It's one thing to come to some exciting realizations. It's quite another to actually take action on them. So many people have great ideas, huge dreams, and lofty goals, but how many people actually take action? I don't want to be one of those people who dreams of something and never works to make it a reality. However, making dreams a reality can often involve risk and risk is a scary thing. It's hard to put faith in yourself and really believe that you have the ability to do whatever is it that you want to do. But that's what I'm going to do. I'm going to develop a plan that will help me be the me I want to be. And here's what I'm going to do...

5 Steps for Becoming the Me I Want to Be


Step 1: Believe. First and foremost, I have to believe in myself. I have to believe that I can achieve what I want to achieve. If I let my mind be flooded with doubts, I will only become my own worst enemy. As you may know, it can be a lot harder to believe in yourself than it is to believe in others, but I know it's an essential first step to getting on the path to making my dreams a reality. 


Step 2: Think. As much as I'd just love to dive in head first to my dreams, creating a plan is essential and I have to give a lot of thought to what I'm going to do and what will be impacted by my new-found dedication to making my dream a reality. Once I've gotten an idea in my head, it can be hard for me not to simply react, but it's imperative that I give some careful thought to what I want and how I'm going to get it. 


Step 3: Plot. After giving all of the issues surrounding my goals careful thought and consideration, it's time to start plotting. It's time to take all of the little bits and pieces of what I've dreamed of for so long and start making it into a reality. This is the hardest part of any dreamer's plan. When you have big dreams, it's hard to focus on the nitty gritty details of getting it all done, but if I want this to be real, I have to develop a plan of action. 


Step 4: Act. Once the plotting's done and there's a plan in place, it will be time to act. The acting can be the hardest part. The risks will come into play here and it will be a leap of faith (in myself!) that will have to propel myself forward. I will have to take action if I want my dream to be real and I know these actions will be scary -- but I also know that if I believe in myself and look around at all of the other people who believe in me, I'll be able to take that leap.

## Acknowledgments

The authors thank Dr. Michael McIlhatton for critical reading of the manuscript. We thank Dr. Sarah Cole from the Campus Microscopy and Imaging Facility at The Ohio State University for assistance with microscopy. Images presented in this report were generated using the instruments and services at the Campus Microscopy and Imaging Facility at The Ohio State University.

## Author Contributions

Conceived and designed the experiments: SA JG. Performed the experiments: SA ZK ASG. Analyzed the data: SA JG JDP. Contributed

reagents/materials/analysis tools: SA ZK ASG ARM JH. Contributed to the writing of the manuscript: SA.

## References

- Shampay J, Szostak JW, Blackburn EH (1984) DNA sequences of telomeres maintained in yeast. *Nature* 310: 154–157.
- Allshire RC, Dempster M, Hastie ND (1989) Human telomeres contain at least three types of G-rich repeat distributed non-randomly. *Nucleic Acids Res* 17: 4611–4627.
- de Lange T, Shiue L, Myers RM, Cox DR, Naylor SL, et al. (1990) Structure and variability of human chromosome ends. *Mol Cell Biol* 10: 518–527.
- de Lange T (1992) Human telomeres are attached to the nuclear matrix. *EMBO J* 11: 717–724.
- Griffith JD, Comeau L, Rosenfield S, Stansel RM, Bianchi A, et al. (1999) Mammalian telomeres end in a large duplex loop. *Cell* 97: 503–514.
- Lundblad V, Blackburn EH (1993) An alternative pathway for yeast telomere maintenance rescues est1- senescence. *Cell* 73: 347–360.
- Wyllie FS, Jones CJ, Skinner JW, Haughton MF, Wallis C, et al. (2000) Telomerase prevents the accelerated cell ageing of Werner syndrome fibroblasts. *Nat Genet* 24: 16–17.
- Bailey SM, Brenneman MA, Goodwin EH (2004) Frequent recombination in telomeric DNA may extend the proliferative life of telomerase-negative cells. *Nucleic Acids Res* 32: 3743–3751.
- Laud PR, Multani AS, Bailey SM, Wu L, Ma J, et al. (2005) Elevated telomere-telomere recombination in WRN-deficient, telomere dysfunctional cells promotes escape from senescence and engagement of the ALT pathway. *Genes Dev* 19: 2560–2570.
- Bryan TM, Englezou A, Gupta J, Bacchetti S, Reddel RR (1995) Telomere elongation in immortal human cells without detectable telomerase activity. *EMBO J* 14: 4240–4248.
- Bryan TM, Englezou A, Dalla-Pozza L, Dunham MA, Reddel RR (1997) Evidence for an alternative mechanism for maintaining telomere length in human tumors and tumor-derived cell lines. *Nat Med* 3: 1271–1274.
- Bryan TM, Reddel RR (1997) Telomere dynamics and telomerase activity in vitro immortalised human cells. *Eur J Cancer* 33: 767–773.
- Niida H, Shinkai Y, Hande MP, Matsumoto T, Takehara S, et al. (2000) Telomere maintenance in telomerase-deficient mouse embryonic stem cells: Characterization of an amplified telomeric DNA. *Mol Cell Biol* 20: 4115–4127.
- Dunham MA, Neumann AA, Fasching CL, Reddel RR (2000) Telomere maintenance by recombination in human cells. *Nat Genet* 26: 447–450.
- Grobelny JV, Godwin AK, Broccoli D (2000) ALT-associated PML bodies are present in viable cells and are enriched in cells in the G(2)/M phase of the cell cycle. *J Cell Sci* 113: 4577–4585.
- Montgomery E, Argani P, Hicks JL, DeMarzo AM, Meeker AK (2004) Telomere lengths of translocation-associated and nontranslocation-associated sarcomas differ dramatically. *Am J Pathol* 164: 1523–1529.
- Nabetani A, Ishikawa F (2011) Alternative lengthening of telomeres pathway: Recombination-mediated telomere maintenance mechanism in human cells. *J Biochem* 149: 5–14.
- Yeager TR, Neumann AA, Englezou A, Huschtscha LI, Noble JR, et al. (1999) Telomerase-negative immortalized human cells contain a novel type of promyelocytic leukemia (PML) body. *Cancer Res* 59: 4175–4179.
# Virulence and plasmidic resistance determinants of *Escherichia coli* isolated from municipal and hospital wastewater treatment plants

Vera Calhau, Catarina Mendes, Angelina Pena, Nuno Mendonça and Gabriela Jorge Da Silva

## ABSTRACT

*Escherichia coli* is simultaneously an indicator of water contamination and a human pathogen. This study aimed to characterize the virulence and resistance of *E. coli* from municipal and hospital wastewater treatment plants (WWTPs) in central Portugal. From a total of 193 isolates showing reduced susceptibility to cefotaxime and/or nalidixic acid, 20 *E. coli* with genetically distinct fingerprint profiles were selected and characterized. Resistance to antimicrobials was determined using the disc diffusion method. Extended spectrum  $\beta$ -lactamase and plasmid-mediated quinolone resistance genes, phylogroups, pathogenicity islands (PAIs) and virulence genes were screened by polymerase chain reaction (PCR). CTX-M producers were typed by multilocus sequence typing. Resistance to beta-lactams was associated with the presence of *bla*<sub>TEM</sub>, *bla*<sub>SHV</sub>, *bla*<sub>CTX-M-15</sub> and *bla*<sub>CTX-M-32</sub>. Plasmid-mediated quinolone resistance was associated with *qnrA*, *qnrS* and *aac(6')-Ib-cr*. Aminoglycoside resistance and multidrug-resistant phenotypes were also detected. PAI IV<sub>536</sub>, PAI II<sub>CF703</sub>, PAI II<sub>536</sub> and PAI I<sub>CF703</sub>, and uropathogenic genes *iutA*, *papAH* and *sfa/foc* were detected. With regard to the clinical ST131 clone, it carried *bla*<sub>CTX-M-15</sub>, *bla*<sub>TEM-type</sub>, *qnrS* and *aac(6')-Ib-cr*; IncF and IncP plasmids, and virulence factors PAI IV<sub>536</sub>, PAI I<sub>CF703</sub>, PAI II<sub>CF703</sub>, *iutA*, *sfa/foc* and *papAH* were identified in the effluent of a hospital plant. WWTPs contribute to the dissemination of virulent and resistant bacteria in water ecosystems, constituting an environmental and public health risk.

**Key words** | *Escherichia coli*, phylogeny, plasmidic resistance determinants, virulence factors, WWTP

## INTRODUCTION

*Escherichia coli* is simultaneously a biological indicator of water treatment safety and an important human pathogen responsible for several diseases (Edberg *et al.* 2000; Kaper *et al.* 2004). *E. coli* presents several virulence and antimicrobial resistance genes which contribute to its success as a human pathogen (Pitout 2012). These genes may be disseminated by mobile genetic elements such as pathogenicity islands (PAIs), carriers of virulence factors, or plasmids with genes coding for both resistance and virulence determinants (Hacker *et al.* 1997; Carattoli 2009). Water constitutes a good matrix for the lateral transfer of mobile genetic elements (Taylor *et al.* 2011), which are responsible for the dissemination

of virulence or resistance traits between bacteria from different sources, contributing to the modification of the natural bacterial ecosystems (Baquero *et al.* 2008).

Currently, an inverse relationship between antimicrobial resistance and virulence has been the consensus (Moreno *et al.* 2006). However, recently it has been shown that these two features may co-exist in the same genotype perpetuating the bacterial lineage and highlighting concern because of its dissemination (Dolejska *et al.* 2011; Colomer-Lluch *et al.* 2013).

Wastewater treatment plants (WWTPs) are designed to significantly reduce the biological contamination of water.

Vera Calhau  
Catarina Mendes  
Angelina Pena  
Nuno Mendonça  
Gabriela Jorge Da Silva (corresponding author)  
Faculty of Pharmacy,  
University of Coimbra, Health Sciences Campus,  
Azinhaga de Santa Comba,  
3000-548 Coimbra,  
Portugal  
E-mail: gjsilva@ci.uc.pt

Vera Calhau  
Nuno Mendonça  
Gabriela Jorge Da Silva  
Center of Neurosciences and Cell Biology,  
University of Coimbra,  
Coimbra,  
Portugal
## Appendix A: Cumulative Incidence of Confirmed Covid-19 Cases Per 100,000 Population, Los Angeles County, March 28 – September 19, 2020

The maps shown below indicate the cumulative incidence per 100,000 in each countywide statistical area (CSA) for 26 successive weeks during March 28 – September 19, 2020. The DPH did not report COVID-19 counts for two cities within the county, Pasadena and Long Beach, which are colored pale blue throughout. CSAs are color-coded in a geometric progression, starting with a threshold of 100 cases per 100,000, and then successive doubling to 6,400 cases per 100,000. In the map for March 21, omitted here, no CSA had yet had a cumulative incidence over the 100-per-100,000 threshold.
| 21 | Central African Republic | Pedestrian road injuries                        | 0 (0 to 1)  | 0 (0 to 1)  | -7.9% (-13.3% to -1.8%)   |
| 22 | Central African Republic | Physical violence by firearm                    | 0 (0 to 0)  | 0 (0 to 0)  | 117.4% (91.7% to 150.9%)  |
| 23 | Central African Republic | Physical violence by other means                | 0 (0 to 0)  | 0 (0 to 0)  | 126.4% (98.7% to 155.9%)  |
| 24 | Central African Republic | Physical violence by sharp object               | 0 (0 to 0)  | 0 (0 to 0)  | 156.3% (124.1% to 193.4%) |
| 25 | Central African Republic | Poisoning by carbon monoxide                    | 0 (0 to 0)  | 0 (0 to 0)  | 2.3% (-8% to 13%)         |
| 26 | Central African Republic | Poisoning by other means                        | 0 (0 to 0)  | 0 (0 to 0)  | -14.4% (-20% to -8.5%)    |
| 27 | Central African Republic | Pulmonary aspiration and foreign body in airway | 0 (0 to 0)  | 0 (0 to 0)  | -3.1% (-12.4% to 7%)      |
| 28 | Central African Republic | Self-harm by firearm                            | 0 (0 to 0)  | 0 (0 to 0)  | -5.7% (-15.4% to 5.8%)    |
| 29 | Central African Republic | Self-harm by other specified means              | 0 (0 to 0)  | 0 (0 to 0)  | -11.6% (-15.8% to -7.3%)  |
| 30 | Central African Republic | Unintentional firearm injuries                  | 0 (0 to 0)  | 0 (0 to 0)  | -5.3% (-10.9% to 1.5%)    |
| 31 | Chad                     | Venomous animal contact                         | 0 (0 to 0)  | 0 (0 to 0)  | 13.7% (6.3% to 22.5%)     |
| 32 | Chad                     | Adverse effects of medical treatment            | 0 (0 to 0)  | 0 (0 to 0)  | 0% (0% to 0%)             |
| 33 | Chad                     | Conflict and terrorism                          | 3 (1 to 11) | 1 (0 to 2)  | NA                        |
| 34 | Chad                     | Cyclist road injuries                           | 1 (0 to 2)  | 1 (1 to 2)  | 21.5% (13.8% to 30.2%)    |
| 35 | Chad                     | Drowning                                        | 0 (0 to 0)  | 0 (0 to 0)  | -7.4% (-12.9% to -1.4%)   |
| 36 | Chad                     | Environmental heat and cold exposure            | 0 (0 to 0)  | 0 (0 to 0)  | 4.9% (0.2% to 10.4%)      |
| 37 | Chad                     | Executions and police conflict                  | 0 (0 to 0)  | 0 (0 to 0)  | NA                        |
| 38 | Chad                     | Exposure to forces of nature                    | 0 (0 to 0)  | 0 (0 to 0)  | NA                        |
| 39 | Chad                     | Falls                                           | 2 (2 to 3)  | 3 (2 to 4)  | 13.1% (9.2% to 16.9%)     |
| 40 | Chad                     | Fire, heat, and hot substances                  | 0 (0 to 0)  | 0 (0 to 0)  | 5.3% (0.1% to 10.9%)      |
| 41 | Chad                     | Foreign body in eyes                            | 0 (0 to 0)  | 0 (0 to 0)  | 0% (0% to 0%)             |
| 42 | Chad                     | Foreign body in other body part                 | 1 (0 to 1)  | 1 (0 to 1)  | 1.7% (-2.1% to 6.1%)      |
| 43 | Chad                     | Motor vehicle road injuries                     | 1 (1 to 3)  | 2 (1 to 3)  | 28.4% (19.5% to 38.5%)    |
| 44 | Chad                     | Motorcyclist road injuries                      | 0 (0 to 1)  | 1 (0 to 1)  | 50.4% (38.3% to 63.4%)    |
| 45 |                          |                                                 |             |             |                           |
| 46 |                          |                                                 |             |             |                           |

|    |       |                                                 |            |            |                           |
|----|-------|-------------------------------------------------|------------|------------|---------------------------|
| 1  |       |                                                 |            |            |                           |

Step 5: Create. Finally, the fun part will begin. Once I've figured it all out and taken action, I'll be able to begin creating, taking those dreams of mine and pulling them down to reality. This will be the step I'll be thinking of as I'm thinking and plotting and acting. It will be the motivator and the best reward for all of the work it will take to get to this point. It won't be an easy step (maybe even the hardest of all!), but it will be the most rewarding. 

For so long, I've had dreams and I always had that "someday" mentality. Now I wake and realize that it is someday and there's no magical formula that will turn dreams into reality. Unless, of course, you believe that hard work and a lot of effort can swirl together and be considered magic. It's taken me a long time to really start making an effort to do what I've always wanted to do. I've always had this idea that it was something that would just happen and I was waiting for that day when it would. Now I'm no longer waiting. I'm working toward that goal and, lucky for me, I'm not alone. I have so many wonderful, supportive people in my life and I know they will help me take these dreams of mine and turn them into something I can hold in my hand. It's not going to be easy, but I have a good feeling that, in the end, it will all be worth it... And, as George Elliot said, "It's never too late to be who you might have been." 

What advice to you have for a dreamer like me? 
How do you make your dreams into reality?

5 steps for recovering from a bad decision

  "The doors we open and close each day
decide the lives we live." 

Flora Whittemore